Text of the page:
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Indispensable amino acidsisoleucine, leucine, lysine, methionine, phenylalanine, threonine, tryptophan and valine - and two more - histidine and arginine - are also essential for children and infants.
The FAO/WHO recommended safe intake of indispensable, or essential amino acids (EAA) is given in the table below. Histidine is essential for infants and small children (decreasingly with age), while arginine is made by the body at all ages, only at a slower rate in the early years. Numbers in brackets are the relative fraction of the specific EAA in the total.
The bottom row gives corresponding ideal fraction of the essential amino acids (EAA) in the total of amino acids, or per gram of protein (gP). It is obtained as a ratio of the EAA total vs. recommended daily protein intake per kg of body weight, which is 0.75g, 1g, 1.2g and 2g for adults, ~10 year old, ~2 year old and infant, respectively.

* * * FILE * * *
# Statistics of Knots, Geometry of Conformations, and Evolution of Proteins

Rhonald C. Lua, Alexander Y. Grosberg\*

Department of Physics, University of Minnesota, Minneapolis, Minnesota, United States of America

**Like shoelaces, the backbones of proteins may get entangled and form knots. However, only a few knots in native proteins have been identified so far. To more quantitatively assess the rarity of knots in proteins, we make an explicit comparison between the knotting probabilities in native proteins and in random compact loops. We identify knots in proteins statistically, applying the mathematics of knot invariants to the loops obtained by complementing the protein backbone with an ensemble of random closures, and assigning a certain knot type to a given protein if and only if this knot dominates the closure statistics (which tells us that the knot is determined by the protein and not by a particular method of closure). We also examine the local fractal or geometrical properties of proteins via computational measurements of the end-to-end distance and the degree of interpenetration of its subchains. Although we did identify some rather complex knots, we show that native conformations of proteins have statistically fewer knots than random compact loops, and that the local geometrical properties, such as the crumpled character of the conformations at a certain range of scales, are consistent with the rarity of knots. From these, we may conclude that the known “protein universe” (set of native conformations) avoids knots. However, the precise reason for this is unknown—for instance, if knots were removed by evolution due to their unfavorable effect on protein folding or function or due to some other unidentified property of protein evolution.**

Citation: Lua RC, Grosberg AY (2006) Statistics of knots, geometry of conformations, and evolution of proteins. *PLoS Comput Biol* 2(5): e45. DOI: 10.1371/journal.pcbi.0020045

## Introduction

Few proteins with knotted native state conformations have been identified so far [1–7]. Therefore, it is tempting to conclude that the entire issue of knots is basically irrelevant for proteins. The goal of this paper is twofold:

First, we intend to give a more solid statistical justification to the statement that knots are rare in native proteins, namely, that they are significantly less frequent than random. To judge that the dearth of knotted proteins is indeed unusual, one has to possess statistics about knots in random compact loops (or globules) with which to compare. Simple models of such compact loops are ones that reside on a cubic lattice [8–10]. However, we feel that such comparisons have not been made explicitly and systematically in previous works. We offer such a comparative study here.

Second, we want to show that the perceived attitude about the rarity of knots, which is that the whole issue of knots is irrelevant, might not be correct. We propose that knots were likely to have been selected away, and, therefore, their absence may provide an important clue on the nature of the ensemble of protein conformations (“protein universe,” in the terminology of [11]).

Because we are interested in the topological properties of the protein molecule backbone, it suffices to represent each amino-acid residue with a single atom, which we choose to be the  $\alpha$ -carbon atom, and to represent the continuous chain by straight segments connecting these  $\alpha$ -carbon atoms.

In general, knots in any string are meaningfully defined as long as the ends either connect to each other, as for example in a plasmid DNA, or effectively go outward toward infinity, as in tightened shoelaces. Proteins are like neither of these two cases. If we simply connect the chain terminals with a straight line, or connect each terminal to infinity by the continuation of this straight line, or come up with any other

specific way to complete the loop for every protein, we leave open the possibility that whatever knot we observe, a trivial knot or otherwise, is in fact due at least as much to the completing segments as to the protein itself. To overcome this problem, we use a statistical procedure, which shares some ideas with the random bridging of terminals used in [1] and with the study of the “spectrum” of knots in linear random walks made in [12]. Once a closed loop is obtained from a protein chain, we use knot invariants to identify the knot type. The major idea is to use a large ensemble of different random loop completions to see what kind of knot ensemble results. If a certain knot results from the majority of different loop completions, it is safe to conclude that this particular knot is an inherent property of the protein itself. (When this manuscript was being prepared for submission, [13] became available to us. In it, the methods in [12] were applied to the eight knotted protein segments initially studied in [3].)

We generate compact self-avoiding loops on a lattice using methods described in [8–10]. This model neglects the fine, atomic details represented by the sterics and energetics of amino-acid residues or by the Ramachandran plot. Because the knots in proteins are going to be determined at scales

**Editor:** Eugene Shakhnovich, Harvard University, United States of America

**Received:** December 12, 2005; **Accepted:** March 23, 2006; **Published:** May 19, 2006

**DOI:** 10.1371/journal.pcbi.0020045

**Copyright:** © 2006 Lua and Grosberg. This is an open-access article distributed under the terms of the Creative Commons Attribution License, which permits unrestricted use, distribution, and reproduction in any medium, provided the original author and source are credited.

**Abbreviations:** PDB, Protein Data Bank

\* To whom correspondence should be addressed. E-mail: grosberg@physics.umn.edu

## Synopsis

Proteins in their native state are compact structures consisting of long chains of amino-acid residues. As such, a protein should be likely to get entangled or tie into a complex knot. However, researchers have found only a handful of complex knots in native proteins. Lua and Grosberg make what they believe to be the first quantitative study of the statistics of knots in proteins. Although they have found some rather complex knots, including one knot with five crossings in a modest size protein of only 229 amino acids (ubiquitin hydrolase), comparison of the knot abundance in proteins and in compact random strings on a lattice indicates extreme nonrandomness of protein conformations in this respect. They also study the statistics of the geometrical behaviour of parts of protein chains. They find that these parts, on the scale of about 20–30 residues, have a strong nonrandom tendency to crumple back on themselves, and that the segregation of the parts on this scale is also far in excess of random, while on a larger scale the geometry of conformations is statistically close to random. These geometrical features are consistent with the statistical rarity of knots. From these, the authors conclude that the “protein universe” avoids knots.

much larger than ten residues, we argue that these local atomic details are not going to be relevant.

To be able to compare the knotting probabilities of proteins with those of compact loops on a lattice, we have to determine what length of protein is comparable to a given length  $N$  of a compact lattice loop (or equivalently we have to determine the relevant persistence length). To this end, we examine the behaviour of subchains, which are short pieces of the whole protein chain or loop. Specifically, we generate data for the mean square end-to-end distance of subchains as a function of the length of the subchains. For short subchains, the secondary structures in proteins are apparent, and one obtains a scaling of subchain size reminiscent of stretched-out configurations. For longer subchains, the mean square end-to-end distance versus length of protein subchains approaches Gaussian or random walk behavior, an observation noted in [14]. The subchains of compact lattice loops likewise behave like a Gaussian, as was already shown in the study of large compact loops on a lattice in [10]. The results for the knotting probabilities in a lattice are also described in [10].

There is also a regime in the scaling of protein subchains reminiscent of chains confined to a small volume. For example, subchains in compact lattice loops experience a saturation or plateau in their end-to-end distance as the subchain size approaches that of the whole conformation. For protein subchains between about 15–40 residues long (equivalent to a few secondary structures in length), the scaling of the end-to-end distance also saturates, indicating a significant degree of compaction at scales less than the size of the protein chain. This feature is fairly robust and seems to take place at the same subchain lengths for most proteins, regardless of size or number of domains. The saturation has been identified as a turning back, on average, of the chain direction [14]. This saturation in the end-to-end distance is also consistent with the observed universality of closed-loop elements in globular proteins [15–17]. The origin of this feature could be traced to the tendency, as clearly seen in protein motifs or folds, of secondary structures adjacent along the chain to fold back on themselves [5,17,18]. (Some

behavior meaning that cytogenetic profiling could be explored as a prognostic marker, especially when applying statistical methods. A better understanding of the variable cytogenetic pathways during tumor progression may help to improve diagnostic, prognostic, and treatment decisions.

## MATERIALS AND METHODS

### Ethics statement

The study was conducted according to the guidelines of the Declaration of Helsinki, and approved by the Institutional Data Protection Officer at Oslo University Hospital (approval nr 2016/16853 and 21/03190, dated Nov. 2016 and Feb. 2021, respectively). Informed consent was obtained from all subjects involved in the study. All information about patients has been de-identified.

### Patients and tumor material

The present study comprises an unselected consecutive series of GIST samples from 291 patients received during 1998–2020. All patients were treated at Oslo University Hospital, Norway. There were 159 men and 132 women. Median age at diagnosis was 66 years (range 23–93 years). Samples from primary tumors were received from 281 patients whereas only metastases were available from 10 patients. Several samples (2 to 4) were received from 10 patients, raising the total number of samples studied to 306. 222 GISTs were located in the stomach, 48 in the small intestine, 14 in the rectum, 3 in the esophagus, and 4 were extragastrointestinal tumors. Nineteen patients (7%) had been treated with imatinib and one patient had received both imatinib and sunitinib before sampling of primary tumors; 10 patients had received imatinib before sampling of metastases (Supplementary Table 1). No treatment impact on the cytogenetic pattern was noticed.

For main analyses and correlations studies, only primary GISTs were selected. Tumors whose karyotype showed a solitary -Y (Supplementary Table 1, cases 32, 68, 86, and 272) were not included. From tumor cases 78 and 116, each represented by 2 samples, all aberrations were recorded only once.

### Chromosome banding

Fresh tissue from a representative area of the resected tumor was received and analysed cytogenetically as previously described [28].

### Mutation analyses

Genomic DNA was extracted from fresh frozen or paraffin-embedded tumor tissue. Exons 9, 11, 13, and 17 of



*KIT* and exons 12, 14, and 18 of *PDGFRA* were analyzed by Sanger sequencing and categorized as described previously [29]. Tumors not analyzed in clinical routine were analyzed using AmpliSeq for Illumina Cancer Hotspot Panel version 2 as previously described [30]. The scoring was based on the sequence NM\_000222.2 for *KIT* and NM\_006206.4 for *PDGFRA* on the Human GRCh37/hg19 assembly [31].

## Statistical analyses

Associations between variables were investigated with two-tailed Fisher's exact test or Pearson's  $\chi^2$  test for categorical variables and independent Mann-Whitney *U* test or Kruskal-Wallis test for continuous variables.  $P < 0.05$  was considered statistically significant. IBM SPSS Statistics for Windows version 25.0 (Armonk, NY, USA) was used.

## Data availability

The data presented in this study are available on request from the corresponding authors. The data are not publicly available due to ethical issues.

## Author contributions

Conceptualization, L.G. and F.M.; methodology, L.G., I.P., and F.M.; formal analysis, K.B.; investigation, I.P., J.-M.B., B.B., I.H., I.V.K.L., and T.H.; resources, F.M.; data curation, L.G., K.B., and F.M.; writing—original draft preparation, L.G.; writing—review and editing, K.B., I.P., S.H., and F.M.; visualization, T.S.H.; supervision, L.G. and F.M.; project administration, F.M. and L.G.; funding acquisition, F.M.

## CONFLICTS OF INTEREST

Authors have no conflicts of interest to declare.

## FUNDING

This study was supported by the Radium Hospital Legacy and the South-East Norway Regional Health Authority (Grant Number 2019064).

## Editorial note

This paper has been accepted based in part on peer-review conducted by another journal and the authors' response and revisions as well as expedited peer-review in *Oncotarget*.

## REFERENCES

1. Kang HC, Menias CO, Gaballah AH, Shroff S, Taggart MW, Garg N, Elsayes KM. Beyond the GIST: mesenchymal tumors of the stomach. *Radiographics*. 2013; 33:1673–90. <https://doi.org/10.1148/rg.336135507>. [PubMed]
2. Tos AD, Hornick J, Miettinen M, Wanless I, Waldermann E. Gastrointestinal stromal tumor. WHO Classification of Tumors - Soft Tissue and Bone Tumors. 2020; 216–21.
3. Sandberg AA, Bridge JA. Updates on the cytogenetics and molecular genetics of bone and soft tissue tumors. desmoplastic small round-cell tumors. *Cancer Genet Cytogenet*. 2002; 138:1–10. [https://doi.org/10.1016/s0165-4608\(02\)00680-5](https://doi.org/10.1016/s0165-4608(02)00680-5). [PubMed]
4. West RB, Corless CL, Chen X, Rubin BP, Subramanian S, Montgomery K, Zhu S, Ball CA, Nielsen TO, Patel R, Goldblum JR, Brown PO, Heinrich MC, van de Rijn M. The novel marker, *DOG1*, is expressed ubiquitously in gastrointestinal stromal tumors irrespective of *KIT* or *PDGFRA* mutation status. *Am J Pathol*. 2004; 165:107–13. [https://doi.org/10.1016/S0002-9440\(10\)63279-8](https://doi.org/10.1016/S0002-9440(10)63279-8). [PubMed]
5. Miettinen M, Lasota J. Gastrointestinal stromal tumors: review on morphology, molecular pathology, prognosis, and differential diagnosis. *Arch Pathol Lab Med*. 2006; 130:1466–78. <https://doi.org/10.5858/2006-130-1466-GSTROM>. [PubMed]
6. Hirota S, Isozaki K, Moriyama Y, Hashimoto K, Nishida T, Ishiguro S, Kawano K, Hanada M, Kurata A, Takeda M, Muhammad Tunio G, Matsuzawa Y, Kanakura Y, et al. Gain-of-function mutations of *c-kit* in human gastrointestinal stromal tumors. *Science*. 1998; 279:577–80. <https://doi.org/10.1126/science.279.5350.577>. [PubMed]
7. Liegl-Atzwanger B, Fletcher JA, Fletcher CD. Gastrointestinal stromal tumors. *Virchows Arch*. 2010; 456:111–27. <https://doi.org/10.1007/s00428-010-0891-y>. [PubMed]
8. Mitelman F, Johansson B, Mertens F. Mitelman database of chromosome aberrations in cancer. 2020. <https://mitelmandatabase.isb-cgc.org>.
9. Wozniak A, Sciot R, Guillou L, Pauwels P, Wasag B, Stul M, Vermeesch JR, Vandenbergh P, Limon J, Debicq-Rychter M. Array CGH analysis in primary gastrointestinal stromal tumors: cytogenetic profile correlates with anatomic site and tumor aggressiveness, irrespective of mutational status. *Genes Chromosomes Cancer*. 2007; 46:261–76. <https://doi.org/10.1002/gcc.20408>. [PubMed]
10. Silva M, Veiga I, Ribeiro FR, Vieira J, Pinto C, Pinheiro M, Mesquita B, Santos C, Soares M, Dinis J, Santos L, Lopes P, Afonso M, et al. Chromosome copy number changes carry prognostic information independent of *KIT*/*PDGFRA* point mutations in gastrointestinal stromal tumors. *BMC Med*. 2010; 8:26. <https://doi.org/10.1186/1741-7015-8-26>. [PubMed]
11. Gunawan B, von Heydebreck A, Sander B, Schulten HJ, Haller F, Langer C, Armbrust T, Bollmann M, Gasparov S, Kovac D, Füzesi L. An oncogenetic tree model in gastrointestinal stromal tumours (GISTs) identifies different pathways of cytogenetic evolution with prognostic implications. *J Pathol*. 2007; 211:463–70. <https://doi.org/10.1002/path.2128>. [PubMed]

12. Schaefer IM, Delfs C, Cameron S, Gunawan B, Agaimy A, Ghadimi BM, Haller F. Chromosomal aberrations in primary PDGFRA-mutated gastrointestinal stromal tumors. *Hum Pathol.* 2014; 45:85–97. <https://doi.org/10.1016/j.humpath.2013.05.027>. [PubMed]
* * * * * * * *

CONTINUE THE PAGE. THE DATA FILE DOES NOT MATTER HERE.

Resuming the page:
The recommended adult EAA intake level is determined experimentally, by feeding study subjects with mixtures of EAA in various proportions, until achieving nitrogen balance without the signs of deficiency.
As a side note, the table illustrates why are so called branched chain amino acids (BCAA), isoleucine, leucine and valine, important for muscle-building; they make only about 1/30 of the total protein intake, but up to 1/3 of the muscle protein amino acids.
For children, EAA requirement is based on the positive nitrogen balance estimated, or observed to be adequately supporting average growth rate (there are indications that the actual needs are lower, but the old recommendation still holds officially), and for infants also on fairly dated observational studies, where the adequate level of EAA intake was determined based of its level found to be seemingly supporting normal growth.
No other nutrient attracts as much attention as proteins and their building blocks, amino acids. Also, no other nutrient seems to be the subject of so many speculations and confusion. Part of it originates from the early standards for human protein needs in general, and needs for indispensable (essential) amino acids in particular, being derived from the experiments on rats. Since plant proteins couldn't support optimum growth in rats, they were dimmed "inferior", and even suspected of not containing all essential amino acids.